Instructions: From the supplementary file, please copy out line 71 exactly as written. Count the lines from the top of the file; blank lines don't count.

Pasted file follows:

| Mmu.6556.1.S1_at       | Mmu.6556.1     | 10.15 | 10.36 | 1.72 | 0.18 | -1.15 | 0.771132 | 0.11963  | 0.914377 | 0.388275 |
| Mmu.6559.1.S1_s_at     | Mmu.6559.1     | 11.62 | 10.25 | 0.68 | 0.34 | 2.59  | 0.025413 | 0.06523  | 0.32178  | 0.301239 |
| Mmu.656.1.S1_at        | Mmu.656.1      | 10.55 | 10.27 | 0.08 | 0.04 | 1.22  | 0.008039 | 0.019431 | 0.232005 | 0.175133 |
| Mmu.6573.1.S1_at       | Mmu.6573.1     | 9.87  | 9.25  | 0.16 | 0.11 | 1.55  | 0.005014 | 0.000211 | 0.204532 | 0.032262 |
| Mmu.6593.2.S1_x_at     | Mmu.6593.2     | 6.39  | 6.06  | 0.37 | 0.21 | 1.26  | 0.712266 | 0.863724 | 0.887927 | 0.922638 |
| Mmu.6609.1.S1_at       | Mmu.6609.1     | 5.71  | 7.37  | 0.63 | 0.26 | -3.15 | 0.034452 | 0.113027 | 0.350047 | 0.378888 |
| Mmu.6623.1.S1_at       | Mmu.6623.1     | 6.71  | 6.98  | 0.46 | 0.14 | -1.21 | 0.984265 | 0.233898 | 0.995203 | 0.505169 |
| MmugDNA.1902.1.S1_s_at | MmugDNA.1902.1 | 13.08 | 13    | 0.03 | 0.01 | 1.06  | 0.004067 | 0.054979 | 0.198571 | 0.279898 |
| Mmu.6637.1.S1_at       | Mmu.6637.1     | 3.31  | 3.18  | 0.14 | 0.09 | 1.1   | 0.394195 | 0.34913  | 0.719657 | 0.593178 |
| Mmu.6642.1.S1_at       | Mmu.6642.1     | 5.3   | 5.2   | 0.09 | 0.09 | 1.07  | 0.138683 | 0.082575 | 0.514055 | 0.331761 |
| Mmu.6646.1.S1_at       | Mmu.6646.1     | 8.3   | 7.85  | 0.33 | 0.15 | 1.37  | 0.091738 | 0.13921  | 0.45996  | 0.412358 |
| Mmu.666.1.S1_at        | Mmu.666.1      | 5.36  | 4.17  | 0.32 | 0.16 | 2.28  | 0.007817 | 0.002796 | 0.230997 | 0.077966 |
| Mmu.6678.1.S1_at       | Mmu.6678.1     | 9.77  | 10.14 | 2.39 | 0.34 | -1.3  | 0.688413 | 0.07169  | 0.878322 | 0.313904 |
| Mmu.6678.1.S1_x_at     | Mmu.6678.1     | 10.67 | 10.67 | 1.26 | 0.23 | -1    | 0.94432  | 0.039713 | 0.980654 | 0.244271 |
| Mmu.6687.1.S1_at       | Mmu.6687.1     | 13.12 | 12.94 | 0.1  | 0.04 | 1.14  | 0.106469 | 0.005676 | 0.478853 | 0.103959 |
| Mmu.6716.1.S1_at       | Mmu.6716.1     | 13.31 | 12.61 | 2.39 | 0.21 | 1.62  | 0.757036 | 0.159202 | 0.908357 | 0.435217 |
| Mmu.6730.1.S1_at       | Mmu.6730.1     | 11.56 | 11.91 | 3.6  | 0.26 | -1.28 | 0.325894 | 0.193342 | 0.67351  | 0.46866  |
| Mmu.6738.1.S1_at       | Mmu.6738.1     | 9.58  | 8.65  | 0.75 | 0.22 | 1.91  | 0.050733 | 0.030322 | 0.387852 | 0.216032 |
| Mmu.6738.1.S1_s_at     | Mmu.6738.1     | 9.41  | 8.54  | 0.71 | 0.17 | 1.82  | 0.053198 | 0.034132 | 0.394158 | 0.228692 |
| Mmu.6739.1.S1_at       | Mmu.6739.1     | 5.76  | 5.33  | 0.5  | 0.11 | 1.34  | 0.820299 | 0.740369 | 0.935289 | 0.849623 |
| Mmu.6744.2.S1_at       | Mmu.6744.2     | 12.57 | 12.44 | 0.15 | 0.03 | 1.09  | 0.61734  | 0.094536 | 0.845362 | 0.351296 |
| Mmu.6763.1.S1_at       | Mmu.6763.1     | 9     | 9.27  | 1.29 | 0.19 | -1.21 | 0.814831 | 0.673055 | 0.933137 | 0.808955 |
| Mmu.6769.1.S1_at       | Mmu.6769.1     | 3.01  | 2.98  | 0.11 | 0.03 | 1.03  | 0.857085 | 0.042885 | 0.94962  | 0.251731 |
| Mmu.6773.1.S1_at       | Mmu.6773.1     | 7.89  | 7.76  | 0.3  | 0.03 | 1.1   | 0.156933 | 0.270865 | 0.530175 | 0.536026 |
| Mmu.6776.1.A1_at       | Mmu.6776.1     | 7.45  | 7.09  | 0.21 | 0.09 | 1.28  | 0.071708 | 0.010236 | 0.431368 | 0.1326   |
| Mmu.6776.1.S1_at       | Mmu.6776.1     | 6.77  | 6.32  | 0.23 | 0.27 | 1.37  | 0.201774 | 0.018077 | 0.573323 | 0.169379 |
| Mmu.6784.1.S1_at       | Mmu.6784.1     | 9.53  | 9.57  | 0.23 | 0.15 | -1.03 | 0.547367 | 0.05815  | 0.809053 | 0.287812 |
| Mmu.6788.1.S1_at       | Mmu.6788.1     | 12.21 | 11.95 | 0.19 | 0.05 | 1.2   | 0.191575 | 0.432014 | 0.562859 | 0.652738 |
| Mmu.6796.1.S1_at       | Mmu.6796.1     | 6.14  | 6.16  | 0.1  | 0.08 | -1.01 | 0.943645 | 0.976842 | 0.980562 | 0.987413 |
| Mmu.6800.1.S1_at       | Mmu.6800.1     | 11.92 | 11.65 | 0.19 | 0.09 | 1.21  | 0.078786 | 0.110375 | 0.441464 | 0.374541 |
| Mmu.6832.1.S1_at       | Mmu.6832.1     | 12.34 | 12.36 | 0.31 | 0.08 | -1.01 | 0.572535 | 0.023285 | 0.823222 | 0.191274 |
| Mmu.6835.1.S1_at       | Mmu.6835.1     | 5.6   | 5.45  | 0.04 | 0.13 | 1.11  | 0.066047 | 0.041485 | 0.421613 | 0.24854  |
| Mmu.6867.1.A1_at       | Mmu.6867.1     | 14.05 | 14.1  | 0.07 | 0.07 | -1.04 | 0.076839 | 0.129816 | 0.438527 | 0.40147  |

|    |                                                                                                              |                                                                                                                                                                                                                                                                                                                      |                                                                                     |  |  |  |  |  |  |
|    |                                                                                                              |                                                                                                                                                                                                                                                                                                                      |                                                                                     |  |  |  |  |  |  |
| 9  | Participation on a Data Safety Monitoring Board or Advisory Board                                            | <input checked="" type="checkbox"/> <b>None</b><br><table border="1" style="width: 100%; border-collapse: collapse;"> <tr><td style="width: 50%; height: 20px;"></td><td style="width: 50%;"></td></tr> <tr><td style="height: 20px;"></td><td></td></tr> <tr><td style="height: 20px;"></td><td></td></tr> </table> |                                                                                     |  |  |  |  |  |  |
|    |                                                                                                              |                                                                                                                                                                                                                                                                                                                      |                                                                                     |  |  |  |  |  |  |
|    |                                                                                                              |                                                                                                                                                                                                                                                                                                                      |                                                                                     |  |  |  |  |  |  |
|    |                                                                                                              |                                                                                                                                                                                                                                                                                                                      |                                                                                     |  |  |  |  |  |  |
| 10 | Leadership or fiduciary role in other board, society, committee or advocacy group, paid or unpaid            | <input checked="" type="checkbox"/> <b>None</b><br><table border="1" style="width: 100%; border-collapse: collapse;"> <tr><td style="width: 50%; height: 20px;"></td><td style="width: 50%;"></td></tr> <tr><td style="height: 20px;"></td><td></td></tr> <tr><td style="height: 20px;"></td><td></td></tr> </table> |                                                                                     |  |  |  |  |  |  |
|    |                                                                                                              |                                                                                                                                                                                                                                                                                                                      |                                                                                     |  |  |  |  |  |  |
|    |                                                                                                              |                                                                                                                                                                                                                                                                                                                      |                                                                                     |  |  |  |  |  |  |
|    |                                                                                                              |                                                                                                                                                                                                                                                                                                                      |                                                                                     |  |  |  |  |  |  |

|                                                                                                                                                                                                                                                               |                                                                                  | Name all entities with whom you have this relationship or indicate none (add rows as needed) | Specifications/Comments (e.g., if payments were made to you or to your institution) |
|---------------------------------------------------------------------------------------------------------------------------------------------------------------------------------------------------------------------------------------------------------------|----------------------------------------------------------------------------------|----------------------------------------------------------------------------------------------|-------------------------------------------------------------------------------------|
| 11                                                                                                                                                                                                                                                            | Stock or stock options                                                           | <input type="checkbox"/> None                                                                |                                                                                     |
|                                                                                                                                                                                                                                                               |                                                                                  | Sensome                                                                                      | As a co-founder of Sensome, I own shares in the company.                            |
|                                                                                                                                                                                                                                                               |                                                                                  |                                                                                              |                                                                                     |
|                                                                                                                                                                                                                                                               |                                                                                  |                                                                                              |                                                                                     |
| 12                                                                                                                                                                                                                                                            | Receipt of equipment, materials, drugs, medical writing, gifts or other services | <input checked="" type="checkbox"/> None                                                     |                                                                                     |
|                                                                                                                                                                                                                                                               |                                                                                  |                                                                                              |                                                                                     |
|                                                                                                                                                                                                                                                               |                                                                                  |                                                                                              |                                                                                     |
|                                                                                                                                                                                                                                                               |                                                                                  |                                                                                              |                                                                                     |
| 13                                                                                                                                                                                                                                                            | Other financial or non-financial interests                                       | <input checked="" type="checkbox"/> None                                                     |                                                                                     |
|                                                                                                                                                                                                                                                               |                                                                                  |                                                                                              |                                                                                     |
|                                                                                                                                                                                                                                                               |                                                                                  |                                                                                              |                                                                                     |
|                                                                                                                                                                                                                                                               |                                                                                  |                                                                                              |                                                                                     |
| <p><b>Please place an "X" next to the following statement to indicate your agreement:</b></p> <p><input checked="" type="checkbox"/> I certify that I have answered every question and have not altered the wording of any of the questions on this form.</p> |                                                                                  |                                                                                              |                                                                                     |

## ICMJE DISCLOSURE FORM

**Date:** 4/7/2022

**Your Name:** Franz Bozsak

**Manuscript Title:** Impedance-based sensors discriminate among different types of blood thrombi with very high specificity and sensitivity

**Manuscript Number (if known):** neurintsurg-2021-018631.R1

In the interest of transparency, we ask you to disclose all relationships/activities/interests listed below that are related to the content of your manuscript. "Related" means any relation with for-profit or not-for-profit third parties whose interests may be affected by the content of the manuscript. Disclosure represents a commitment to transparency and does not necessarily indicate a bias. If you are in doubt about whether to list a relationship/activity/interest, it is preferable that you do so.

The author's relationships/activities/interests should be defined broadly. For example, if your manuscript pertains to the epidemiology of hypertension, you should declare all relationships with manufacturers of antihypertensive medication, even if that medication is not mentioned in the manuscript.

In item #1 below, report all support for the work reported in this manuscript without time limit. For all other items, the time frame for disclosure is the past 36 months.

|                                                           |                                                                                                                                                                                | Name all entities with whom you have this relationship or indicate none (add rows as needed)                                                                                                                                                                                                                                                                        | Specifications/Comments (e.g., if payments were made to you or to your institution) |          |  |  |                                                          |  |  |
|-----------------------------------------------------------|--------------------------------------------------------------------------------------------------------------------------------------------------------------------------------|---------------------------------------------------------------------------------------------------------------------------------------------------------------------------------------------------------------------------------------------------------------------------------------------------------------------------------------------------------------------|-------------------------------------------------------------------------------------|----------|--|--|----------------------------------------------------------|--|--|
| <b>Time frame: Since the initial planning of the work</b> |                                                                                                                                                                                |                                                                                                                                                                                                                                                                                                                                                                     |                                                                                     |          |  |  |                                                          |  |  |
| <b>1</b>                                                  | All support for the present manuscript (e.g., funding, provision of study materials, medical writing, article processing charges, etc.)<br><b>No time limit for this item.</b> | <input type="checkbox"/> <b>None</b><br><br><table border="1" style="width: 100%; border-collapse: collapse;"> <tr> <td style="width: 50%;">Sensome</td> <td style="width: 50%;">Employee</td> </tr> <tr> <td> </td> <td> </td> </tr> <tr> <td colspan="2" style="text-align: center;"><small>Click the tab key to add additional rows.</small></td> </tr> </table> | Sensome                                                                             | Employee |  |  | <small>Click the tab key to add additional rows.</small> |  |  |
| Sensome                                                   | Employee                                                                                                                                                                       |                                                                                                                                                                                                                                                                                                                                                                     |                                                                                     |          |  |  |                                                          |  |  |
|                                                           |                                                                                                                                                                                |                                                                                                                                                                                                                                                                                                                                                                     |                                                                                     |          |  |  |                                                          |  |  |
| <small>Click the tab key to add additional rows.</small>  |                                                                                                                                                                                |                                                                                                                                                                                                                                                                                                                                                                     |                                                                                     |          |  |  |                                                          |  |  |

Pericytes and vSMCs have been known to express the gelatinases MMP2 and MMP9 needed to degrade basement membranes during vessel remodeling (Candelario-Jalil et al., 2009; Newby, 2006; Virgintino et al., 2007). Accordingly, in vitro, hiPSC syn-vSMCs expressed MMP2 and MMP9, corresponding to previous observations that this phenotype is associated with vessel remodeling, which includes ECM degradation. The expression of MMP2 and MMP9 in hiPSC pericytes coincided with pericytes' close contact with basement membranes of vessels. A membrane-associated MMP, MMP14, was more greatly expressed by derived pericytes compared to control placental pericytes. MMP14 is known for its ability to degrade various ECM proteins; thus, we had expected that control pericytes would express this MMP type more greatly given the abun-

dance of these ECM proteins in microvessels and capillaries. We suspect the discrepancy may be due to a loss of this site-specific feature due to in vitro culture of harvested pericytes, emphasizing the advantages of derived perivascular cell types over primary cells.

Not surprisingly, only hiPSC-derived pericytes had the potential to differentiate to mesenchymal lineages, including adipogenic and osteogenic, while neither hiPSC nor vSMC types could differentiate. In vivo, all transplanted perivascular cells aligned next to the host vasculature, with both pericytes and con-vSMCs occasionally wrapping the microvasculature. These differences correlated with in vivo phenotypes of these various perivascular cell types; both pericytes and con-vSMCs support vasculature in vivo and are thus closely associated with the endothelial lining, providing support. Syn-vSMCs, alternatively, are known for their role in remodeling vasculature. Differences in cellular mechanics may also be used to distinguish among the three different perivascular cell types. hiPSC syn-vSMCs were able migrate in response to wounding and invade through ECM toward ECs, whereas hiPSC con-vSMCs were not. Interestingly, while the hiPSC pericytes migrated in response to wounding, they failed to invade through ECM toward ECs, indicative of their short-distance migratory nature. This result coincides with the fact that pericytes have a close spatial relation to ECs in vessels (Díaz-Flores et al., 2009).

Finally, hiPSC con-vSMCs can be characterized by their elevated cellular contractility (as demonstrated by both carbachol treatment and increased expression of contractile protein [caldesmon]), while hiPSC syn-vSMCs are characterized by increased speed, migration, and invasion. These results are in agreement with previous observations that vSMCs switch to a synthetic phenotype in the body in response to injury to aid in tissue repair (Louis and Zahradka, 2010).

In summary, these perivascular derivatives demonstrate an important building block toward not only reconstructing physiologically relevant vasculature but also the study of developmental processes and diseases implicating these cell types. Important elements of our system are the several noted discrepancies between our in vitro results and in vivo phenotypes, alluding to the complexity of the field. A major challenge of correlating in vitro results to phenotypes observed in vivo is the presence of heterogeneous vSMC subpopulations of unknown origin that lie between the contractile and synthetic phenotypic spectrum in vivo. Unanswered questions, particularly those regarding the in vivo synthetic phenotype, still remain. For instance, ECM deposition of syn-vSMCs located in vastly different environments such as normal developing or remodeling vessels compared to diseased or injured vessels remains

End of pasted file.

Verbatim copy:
| Sensome                                                   | Employee                                                                                                                                                                       |                                                                                                                                                                                                                                                                                                                                                                     |                                                                                     |          |  |  |                                                          |  |  |